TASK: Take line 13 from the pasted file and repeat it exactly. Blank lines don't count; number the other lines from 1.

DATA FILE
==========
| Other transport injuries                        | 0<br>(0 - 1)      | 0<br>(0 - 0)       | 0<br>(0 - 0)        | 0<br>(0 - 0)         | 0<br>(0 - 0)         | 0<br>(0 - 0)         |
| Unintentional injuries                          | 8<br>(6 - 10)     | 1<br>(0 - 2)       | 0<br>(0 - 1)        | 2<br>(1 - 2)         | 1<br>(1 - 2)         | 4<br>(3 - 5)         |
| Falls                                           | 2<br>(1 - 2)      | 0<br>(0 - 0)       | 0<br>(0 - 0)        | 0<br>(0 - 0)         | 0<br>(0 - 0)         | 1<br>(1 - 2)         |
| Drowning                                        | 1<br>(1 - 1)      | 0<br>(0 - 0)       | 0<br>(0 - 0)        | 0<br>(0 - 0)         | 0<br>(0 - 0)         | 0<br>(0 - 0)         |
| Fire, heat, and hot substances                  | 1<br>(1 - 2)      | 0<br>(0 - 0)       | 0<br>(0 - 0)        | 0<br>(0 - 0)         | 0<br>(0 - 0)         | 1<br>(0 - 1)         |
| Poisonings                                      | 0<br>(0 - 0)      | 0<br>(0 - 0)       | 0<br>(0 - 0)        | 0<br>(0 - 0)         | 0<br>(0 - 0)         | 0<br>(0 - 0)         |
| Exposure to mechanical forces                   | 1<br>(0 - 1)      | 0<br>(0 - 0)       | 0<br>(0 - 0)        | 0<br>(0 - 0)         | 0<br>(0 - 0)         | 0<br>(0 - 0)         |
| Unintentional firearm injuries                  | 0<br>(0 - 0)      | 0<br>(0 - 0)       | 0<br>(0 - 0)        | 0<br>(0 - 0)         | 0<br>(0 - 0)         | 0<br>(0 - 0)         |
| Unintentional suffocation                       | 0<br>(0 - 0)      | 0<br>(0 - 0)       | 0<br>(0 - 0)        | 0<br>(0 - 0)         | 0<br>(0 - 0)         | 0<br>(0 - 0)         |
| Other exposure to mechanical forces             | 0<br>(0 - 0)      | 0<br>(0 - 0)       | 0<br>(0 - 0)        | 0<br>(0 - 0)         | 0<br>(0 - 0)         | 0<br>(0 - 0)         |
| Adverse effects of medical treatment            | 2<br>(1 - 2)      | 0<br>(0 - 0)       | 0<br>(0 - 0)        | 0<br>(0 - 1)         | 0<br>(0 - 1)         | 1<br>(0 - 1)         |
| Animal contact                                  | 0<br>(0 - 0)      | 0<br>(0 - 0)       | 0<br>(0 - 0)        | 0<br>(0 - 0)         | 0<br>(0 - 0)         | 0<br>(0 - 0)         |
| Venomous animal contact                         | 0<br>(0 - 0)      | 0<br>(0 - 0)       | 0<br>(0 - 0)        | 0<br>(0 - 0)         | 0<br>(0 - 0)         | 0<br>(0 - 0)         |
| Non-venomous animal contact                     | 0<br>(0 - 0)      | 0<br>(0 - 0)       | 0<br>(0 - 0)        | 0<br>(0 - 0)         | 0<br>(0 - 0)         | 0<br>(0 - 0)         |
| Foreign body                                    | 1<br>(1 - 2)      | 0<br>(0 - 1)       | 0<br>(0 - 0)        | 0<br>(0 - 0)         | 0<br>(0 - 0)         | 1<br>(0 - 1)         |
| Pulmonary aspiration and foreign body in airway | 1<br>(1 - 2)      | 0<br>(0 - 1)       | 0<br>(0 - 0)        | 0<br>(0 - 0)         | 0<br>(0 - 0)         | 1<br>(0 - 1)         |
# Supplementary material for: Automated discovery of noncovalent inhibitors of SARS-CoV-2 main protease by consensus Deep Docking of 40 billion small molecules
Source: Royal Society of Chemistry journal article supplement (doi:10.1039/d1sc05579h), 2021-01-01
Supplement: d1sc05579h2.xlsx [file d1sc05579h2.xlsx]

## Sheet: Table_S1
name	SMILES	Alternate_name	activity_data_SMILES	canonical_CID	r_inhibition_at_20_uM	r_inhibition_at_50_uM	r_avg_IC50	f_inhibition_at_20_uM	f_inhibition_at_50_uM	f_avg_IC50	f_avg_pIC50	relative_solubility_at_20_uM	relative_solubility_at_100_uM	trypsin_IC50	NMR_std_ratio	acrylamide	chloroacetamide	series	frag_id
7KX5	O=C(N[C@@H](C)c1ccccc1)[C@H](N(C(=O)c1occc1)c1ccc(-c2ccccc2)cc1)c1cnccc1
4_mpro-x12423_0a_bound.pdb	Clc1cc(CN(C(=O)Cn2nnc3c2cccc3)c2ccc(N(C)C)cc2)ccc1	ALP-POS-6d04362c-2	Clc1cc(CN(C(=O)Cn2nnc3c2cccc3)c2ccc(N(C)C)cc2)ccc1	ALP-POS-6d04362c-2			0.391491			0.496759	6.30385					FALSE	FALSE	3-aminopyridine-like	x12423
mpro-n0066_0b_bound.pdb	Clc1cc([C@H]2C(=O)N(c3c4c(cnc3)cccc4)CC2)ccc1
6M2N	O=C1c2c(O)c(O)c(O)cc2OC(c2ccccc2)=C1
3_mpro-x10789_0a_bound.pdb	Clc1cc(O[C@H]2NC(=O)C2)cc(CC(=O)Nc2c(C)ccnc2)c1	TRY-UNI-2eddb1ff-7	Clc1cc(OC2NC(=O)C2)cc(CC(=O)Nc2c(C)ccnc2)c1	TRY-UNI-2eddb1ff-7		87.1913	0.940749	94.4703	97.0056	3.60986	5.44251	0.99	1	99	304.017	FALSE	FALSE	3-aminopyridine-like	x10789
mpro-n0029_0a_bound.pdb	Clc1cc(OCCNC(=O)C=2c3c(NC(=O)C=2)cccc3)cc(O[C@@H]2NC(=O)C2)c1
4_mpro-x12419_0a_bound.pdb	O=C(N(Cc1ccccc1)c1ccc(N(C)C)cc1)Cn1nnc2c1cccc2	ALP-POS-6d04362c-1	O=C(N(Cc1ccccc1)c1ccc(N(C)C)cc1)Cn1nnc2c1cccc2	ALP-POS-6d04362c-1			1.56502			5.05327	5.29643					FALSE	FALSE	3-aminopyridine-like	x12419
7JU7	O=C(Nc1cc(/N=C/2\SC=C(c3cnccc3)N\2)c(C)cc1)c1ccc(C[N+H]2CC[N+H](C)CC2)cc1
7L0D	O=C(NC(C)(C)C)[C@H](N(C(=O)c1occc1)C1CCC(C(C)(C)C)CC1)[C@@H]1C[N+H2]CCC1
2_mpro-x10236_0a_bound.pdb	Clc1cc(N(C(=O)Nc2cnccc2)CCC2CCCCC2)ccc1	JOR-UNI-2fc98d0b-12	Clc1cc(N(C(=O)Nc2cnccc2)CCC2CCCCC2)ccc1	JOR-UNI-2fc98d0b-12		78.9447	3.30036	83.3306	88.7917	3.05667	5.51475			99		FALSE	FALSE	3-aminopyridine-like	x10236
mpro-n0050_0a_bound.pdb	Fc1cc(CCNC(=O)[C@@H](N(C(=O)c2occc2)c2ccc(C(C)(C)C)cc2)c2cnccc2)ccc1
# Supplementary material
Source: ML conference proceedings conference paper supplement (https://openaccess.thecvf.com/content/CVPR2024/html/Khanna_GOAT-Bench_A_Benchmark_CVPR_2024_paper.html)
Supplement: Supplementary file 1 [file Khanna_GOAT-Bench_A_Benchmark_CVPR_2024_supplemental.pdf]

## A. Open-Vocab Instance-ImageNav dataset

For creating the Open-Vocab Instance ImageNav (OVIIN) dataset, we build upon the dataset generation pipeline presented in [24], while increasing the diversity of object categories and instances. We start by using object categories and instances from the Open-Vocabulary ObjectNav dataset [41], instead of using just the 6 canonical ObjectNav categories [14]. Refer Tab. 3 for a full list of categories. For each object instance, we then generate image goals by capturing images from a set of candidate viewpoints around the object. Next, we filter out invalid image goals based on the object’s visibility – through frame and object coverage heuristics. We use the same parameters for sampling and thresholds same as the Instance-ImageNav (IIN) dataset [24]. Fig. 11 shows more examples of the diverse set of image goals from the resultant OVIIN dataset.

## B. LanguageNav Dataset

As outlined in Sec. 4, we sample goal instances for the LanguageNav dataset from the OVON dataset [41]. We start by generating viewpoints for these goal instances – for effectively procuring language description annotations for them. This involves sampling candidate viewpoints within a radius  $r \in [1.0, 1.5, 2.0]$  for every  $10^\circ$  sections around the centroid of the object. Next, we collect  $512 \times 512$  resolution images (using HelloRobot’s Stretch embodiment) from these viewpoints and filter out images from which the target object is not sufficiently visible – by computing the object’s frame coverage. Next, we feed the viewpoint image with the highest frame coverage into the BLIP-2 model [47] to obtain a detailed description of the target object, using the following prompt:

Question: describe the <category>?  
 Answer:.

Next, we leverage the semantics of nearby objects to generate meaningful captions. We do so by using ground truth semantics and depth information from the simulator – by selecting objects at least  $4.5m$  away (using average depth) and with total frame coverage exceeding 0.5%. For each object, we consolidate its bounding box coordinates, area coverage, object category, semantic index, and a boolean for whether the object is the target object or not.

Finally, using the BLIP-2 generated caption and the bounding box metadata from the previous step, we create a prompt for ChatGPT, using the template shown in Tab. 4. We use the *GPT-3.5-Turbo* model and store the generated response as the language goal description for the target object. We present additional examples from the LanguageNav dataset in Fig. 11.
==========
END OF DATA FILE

| Venomous animal contact                         | 0<br>(0 - 0)      | 0<br>(0 - 0)       | 0<br>(0 - 0)        | 0<br>(0 - 0)         | 0<br>(0 - 0)         | 0<br>(0 - 0)         |